The Irish Football Association has been criticised for its handling of the chip scandal that rocked Irish football.
A letter of complaint was sent to the IRFU, the Football Association of Ireland and the Football League on Friday, with the former accusing the latter of “blatantly disregarding the seriousness of the matter and the gravity of the consequences” and the latter, the Irish Independent has learnt, “deliberately ignoring” the matter.
It comes after the FA issued an apology on Thursday after its chairman and chief executive, Stephen Ford, said the FA would no longer stand by a decision to suspend a player who had been banned for a year for taking part in the incident at Hillsborough.
The player, Kieran Murphy, was suspended for three months, the FA said, with a decision expected by Monday.
It came as the FA’s president, Mike Ashley, said: “It’s a big issue, a very serious issue, that is why we have a process of independent investigation.”
It is absolutely not a matter that is going to be taken lightly by anyone, including football.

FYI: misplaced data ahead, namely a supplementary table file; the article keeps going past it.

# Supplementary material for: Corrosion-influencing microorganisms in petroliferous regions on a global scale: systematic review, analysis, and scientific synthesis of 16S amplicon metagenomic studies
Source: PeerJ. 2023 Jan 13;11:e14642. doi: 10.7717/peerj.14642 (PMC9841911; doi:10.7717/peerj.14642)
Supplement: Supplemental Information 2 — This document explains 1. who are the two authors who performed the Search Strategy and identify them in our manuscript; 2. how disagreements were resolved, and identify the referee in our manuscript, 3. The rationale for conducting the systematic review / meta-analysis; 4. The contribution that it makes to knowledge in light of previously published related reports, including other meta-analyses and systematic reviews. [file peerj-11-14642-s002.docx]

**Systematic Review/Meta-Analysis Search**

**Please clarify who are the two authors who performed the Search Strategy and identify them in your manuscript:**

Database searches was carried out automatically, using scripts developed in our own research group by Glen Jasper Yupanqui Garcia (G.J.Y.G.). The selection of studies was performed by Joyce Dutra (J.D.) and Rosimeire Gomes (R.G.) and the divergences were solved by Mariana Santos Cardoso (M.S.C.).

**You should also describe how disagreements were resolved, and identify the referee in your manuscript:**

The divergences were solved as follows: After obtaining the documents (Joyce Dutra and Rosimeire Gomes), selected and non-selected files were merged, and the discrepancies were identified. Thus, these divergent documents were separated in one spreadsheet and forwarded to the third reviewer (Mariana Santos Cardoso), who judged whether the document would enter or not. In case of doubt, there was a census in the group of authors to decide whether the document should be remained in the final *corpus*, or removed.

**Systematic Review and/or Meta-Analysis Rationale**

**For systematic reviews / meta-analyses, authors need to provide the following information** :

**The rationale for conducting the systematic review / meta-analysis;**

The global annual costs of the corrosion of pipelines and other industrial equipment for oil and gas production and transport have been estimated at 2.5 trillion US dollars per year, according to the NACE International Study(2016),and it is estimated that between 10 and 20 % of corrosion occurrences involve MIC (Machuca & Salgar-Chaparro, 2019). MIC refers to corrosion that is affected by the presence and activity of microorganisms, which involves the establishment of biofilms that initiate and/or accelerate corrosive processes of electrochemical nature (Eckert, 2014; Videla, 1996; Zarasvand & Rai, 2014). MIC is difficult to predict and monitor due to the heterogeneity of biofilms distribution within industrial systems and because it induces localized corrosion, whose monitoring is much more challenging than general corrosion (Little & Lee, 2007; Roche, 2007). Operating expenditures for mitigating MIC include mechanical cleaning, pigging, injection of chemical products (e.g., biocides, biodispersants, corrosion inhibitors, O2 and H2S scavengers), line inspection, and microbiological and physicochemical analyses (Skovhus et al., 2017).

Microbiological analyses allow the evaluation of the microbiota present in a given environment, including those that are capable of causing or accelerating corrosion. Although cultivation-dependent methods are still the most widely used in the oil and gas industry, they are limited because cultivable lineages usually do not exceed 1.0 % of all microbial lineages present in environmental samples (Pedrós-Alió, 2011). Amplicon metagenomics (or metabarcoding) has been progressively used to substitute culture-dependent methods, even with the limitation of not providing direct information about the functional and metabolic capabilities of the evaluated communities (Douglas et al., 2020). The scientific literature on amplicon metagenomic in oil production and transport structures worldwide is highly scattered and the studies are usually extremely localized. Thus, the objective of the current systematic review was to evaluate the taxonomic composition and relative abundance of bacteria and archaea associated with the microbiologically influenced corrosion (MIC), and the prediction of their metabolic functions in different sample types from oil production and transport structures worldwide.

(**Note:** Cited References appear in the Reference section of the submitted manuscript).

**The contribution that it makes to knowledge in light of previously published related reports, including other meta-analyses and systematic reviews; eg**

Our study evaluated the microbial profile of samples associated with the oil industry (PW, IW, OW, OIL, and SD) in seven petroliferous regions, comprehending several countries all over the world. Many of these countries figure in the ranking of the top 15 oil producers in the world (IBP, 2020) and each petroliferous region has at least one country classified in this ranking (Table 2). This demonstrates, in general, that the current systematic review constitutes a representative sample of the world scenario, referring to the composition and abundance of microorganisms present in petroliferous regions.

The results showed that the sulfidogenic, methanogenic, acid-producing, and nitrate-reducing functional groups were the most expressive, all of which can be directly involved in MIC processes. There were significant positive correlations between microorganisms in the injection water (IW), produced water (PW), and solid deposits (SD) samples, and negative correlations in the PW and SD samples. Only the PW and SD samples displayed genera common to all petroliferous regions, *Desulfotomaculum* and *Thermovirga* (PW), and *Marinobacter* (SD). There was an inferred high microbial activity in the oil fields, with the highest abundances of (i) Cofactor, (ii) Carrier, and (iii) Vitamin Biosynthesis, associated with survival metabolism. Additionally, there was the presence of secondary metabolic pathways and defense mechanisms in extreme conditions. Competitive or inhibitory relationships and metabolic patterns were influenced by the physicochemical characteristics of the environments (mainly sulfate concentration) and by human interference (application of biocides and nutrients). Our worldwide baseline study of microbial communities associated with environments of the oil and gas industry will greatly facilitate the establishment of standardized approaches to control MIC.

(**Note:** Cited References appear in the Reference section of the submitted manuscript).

“We are going to stand up for football in this matter, but at the same time, we have to respect the seriousness with which this has been dealt with.”
I am not going to say that it is easy, but we have got to respect what is the outcome of the investigation, but I think it is a very important issue.
“Mr Ford said he was “very proud” of the way the FA handled the issue.”
There is a process in place that we have put in place,” he said.”
The decision we made at the start of the year was that if it was something that was considered by the club to be of any concern to the club then it would be reviewed and we would make a decision.
“The FA’s decision to remove the suspension came as an internal investigation was underway into the circumstances surrounding the incident that led to the suspension of two players.
The investigation, led by an independent panel, will be overseen by a disciplinary panel, with each player subject to a separate hearing.